There has been a sharp decline in the number of Arctic buoys reporting temperature measurements to the global synoptic weather network the last couple of years, as compared to the previous several years. Below are comparisons of synoptic temperature observations for 1200 Universal Time Coordinates (UTC) on January 1 for each year from 2019 back to 2015 for the Arctic Ocean area. The first set of maps below, Figures 1 through 5, are standard plots of weather data, including temperature (upper left from station circle), from the National Oceanographic and Atmospheric Administration (NOAA) Weather Prediction Center (WPC) for the southwestern portion of the Arctic Ocean. Notice the increasing number of open ocean buoys reporting going back each year. Click on any of the maps to see the full size image.
The next set of maps, Figures 6 through 10, show plots of synoptic temperature observations from OGIMET for the entire Arctic Ocean area for January 1 at 1200 UTC for each year from 2019 back to 2015. Again notice the increasing number of temperature observations from the open Arctic Ocean going back each year. Click on any of the maps to see the full size image.
Oddly, the most recent International Arctic Buoy Program (IABP) map for 2018 December 27 shows numerous buoys reporting air temperature from the Arctic Ocean area as seen in Figure 11 below.
Why the temperature measurements from these buoys are not being reported to the global synoptic weather network is puzzling, especially considering that much of the recent global warming has been occurring primarily in the winter night-time Arctic area. I am also not certain whether any of these buoy measurements are being ingested into global weather models and associated reanalyses, separately from synoptic weather data. It would be a shame if they are not.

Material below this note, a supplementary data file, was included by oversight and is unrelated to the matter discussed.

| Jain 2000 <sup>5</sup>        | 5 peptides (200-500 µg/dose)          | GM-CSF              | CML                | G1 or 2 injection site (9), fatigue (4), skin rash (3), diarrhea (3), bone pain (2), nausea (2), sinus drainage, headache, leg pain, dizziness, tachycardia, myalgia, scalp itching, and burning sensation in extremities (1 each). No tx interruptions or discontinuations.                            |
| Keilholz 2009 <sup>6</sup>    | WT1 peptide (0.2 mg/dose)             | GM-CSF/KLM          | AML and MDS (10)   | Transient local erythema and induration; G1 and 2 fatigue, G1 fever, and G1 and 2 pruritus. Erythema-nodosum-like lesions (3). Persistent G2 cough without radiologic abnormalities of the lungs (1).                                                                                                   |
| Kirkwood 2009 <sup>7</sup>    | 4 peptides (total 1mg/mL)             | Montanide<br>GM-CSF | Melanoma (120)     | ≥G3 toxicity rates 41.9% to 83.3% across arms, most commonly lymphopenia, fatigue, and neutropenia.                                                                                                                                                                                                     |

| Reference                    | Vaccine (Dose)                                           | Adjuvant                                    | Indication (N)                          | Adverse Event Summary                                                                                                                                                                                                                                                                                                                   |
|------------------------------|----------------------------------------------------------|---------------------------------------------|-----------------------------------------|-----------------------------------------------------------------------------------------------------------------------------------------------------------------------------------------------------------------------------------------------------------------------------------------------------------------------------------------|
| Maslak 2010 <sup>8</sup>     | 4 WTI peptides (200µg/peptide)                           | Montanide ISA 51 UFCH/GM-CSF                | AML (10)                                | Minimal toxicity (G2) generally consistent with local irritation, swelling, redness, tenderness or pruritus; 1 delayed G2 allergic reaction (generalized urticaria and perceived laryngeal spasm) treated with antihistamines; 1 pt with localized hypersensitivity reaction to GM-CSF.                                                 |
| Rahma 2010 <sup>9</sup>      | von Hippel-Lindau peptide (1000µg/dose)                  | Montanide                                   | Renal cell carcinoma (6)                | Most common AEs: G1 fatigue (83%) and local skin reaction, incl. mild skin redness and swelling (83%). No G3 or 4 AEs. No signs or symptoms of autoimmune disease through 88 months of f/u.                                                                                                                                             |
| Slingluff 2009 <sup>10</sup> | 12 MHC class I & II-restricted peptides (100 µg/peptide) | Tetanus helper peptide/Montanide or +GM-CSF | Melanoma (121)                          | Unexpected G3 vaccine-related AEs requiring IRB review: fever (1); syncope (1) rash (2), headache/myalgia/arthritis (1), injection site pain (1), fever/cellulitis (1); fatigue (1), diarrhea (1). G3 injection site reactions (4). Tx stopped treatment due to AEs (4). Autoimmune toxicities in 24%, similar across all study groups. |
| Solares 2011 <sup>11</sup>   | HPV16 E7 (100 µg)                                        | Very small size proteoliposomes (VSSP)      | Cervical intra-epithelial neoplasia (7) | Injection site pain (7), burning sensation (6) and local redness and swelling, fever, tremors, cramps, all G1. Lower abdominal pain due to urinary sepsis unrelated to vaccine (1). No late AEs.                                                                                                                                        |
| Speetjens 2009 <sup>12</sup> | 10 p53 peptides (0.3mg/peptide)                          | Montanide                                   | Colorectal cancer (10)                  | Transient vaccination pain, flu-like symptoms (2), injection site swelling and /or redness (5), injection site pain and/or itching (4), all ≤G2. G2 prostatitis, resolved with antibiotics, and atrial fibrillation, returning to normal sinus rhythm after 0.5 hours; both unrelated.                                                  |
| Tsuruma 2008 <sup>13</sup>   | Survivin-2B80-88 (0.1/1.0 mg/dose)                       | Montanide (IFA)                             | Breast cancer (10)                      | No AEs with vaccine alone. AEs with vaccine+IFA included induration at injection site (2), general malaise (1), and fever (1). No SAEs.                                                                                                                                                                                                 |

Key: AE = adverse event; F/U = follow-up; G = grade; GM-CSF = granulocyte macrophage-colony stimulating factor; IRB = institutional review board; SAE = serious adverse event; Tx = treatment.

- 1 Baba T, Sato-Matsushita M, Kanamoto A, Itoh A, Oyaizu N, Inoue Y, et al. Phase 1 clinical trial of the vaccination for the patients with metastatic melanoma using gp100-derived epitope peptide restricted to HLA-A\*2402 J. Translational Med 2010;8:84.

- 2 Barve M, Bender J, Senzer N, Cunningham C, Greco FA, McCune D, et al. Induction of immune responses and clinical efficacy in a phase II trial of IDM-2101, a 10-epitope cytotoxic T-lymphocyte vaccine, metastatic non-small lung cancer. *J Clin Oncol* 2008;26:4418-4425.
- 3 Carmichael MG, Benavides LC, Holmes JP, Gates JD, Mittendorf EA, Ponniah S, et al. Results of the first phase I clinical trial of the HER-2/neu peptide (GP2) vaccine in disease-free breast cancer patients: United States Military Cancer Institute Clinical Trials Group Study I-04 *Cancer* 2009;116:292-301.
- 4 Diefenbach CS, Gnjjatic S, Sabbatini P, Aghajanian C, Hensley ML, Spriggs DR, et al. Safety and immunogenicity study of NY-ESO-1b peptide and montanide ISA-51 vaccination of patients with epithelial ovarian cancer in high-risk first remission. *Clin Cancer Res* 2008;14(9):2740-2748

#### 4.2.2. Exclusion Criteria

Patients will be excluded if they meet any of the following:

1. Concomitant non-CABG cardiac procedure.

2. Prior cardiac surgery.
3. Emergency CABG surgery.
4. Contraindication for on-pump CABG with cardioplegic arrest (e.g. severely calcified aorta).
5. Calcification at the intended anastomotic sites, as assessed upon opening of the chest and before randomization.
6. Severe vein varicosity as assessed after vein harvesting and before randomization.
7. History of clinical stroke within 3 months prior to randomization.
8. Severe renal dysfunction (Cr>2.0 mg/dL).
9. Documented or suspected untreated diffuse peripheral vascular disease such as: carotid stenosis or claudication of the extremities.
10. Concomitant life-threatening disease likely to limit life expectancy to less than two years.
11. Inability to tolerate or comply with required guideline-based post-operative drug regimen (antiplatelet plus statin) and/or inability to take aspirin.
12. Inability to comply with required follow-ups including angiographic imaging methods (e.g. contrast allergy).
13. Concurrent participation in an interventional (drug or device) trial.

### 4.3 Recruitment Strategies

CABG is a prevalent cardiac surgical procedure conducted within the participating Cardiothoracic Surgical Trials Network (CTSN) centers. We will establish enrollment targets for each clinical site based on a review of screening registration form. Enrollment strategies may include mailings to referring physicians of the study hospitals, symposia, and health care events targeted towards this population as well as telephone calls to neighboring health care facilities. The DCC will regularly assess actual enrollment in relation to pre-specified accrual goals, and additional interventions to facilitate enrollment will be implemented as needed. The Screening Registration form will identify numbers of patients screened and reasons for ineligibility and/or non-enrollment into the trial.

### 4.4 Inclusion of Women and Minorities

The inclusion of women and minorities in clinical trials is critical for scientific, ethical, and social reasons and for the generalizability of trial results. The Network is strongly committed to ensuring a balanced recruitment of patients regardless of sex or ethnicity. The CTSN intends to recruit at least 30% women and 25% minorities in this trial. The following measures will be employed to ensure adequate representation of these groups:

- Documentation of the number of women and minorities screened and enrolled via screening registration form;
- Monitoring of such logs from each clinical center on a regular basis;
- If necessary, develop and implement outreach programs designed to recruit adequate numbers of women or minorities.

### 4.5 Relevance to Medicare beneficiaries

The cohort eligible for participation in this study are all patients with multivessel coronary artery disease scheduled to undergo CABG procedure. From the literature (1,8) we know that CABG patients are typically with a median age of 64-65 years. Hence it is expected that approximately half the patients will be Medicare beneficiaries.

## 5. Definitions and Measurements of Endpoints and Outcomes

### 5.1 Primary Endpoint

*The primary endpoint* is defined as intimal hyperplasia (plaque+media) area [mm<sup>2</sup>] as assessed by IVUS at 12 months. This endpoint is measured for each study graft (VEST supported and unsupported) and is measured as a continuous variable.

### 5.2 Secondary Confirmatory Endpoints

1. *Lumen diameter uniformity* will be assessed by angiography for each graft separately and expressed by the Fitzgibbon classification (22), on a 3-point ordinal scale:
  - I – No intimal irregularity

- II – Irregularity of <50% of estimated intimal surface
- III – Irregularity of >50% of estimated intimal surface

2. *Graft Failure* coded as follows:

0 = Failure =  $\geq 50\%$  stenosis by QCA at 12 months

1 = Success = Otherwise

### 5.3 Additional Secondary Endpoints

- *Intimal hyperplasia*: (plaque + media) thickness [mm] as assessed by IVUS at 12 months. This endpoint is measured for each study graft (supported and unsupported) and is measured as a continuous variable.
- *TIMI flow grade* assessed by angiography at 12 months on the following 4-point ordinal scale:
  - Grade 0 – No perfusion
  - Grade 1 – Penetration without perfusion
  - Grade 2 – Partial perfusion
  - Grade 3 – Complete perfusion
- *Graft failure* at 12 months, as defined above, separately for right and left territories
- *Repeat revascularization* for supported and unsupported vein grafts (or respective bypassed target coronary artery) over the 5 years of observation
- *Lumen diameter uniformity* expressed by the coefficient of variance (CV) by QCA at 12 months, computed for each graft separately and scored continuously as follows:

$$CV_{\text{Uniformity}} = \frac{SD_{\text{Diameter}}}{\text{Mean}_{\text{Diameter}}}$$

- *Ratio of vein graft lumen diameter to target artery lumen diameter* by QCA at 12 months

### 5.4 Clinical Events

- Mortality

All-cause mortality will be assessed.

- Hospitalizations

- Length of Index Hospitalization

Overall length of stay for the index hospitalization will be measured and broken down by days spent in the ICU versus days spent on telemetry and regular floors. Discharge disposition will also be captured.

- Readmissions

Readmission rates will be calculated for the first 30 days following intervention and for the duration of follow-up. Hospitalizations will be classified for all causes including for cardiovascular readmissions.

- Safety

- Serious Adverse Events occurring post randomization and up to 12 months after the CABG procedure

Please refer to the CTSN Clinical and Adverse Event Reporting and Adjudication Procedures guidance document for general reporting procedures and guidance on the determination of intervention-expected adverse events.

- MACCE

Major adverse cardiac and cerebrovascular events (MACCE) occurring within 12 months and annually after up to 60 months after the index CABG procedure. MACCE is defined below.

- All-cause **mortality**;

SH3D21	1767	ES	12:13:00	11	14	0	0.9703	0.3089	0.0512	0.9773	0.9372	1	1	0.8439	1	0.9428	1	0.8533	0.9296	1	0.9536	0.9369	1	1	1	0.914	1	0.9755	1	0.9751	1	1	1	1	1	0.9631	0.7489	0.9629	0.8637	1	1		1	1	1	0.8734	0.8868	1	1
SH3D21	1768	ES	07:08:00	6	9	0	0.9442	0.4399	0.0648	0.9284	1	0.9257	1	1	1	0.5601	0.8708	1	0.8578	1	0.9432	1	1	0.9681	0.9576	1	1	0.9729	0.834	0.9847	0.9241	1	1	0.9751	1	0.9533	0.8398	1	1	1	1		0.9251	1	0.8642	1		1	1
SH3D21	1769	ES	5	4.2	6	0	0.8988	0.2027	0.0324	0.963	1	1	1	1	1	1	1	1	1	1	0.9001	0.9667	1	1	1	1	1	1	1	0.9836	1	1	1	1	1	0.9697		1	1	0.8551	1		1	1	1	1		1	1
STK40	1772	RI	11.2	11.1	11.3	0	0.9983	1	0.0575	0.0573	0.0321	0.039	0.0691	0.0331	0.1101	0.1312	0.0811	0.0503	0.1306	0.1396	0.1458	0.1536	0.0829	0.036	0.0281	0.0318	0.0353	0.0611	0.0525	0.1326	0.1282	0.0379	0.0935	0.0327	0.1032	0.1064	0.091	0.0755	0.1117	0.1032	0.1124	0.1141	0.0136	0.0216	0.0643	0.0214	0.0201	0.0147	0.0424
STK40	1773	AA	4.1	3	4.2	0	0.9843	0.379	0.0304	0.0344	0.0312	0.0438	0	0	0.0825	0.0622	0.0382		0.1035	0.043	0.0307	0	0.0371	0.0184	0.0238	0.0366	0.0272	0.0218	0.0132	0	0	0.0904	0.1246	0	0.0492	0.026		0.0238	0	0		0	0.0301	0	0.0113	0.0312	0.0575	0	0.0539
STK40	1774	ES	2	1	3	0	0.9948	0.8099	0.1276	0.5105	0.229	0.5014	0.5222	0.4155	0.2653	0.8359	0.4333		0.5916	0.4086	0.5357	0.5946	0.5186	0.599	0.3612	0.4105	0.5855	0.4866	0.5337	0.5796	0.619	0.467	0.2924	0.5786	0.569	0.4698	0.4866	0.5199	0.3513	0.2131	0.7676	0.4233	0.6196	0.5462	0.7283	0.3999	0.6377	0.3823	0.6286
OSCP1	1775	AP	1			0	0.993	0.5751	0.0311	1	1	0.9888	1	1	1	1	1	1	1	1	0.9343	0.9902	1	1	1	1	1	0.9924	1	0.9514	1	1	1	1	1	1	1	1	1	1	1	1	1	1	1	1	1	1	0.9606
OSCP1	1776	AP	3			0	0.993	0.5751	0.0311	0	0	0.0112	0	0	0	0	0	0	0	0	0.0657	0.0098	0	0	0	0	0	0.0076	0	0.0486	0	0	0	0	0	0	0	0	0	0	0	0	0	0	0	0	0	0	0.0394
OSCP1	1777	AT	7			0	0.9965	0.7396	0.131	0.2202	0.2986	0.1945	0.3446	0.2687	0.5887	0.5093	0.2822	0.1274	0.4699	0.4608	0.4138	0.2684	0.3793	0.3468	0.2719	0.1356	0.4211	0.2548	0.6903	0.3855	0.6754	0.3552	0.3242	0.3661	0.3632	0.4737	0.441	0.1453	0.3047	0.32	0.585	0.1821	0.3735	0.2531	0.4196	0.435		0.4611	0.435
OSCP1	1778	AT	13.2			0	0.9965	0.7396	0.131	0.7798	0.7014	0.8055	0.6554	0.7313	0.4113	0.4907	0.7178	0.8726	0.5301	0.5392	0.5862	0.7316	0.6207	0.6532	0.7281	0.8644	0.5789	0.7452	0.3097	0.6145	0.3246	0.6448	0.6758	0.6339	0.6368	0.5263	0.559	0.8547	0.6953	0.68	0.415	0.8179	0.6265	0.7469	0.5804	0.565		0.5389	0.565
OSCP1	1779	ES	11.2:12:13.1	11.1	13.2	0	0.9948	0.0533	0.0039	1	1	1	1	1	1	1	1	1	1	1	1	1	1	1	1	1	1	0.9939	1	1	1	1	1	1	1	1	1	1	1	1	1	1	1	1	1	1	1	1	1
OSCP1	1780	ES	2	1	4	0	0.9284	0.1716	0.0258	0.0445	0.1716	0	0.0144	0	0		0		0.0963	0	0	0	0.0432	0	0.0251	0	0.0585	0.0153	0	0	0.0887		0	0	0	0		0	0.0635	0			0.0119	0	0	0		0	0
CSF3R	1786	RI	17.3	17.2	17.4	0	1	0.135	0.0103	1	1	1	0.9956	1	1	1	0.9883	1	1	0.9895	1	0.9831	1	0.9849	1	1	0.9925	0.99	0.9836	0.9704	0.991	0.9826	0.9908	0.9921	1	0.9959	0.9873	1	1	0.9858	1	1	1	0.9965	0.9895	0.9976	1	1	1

The IABP also provides data and graphs of data from the Arctic Buoys here. In the past I have compared the detailed buoy measurements from IABP to OGIMET plotted synoptic observations and code that were reported from some of the buoys. I found that in some cases the IABP reported “surface temperature” from underneath the hull of the buoy was being erroneously reported in the synoptic data as “air temperature”. Graphs of the IABP data indicate that the “surface temperature” (which is typically from ice or water beneath the buoy) is often substantially different than the “air temperature” when both are reported. I also found flat-lined air temperatures and air temperatures that did not match well with those from nearby buoys in both data sets. But these are different problems to investigate for another day.
Happy New Year!